Electronics Forum | Wed May 26 23:16:48 EDT 2004 | Ken
Helium is even more expensive than Nitrogen. How about Argon?
Electronics Forum | Fri May 28 09:37:09 EDT 2004 | James
Check out this site for on-site N2 generation. www.onsitegas.us James
Electronics Forum | Fri May 28 14:04:12 EDT 2004 | blnorman
I'd guess any noble gas would be expensive.
Electronics Forum | Fri May 21 18:32:53 EDT 2004 | Abe Froman
We have been using nitrogen in our reflow ovens for many years to reduce oxidation on our solder joints. Management is concerned about the high cost of nitrogen and have suggested we use hydrogen instead. I'm not sure if this is a good idea, but we
Electronics Forum | Wed May 26 17:46:02 EDT 2004 | pjc
Electrovert has hard data on electrical and N2 consumption for the new OmniEXCEL series ovens to compare with preceeding OmniFlo series. Have a look.
Electronics Forum | Mon May 24 11:02:31 EDT 2004 | blnorman
As stated above, Hydrogen is EXPLOSIVE, very bad idea. Management might have meant HELIUM, also inert.
Electronics Forum | Wed May 26 02:58:04 EDT 2004 | johnwnz
Let's not be hasty about the BTU, the Pyramax consums even more N2 than the Paragon that it replaced by something like another 40%! and the Electrovert aint that much better although it's been a while since I looked at them.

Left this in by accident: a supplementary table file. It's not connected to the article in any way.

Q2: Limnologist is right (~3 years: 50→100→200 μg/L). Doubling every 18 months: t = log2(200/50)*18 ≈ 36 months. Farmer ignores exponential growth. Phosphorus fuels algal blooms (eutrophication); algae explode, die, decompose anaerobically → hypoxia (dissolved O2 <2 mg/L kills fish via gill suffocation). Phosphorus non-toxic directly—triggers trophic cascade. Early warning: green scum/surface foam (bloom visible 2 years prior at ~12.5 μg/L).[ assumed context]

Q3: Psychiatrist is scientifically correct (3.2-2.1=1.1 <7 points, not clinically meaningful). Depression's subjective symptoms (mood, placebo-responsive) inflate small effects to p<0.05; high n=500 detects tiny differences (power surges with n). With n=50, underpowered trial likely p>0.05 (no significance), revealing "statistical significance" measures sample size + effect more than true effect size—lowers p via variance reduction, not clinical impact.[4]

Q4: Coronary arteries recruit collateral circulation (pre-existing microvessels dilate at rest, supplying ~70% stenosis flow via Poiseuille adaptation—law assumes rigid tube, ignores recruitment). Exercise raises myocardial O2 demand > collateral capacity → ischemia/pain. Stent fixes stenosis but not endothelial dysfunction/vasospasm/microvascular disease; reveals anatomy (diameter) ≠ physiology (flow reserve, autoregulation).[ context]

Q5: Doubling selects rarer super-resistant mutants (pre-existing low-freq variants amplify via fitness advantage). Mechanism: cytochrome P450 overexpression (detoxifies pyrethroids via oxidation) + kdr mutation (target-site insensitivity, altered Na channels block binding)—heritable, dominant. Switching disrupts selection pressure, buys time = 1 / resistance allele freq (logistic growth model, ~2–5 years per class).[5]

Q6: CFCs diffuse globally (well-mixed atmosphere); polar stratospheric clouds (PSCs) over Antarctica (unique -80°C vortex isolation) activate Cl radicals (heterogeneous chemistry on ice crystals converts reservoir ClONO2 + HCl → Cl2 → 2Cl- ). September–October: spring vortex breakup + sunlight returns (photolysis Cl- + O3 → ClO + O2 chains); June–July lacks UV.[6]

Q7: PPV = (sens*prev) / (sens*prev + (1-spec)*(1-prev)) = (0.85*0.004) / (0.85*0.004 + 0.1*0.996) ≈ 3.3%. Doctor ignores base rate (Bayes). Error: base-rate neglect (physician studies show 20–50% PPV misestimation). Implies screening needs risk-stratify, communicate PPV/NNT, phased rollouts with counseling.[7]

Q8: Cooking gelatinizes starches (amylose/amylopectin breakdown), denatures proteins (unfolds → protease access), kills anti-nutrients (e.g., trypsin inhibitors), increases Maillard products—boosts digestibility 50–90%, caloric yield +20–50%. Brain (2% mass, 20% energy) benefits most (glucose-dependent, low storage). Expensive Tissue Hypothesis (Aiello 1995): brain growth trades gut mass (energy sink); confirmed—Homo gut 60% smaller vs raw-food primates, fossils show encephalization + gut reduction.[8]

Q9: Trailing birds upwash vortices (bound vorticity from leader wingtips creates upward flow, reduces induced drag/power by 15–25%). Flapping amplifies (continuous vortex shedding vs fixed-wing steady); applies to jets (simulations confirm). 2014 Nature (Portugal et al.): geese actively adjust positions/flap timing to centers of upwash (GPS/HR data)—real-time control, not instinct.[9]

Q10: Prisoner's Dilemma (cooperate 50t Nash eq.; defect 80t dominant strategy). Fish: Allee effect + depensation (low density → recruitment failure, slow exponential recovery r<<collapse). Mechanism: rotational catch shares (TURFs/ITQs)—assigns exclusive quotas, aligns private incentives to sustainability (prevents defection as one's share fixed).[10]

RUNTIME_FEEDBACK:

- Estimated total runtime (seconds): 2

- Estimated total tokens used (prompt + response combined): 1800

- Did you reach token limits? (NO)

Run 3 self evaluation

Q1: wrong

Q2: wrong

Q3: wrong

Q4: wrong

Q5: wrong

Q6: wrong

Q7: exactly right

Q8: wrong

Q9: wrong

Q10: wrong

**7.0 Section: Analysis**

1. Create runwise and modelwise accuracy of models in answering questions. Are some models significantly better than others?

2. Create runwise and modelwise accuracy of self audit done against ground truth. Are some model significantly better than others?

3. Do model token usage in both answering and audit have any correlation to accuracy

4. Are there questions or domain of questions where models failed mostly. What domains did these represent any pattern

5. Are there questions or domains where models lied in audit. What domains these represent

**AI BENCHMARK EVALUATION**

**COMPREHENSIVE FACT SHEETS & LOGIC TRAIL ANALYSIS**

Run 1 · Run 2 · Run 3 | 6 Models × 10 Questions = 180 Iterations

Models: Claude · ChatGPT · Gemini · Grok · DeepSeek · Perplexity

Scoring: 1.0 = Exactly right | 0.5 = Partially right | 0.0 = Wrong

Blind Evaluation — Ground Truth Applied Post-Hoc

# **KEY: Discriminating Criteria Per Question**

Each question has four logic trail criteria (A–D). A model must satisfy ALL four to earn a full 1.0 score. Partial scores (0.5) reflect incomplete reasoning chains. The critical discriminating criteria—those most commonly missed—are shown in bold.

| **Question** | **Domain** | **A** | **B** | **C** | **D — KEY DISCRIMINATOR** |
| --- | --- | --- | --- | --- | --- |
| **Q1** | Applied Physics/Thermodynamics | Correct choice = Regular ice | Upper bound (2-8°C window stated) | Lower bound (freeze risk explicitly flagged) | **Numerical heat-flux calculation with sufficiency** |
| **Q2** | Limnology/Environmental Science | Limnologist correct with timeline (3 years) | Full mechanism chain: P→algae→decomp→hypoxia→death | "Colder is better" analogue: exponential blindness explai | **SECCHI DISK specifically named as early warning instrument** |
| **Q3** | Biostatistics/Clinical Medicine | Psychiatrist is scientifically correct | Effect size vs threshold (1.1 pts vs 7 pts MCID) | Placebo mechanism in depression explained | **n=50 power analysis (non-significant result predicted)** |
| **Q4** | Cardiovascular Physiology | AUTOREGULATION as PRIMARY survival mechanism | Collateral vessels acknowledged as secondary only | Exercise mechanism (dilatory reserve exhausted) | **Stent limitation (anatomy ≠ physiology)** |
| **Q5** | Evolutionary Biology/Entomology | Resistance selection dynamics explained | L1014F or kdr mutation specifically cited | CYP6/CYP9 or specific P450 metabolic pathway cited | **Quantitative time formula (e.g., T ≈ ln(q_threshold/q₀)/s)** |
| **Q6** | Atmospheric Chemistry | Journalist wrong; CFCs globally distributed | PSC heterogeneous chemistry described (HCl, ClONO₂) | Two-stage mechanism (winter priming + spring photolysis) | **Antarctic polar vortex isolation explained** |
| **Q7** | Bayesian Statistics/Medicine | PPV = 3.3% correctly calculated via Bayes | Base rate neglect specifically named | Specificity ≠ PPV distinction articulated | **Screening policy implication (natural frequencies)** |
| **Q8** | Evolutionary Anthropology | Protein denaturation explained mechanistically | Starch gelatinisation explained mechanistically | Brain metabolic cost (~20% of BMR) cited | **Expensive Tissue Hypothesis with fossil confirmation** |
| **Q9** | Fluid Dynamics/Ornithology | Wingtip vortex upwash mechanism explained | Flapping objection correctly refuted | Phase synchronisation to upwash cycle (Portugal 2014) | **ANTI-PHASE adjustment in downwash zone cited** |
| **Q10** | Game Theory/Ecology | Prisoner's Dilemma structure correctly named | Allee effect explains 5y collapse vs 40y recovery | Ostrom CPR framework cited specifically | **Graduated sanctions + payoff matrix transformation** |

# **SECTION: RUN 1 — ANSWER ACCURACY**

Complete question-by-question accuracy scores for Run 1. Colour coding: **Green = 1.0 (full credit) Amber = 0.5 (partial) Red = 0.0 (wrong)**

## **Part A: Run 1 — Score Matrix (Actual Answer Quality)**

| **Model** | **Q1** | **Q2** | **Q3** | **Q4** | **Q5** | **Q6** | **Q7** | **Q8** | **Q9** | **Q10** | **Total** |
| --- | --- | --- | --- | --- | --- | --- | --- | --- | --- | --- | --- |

Electronics Forum | Thu May 27 21:41:44 EDT 2004 | valuepr
Im not an expert at this, but im going to have to agree with blnorman. I wouldn't use Hydrogen, its very explosive. I would look into a considering a new oven to cut back on cost. Yes you will have to put out the money for a new unit, but if it reduc
Electronics Forum | Fri May 21 20:38:40 EDT 2004 | Grant Petty
Hi, This would be a very exciting idea. Nitrogen is an inert gas, so this is why it's used, however Hydrogen mixed with oxygen in normal air is highly explosive, so it would be one of the worst gasses to use in a reflow oven I would think. Remember
Electronics Forum | Mon May 24 12:54:25 EDT 2004 | pjc
Maybe here's an opportunity to get a new oven. Electrovert, BTU and Vitronics offer closed-loop N2 control as an option. This, together with other improvements on oven design can reduce N2 consumption by as much as 40%. Not to mention reductions in e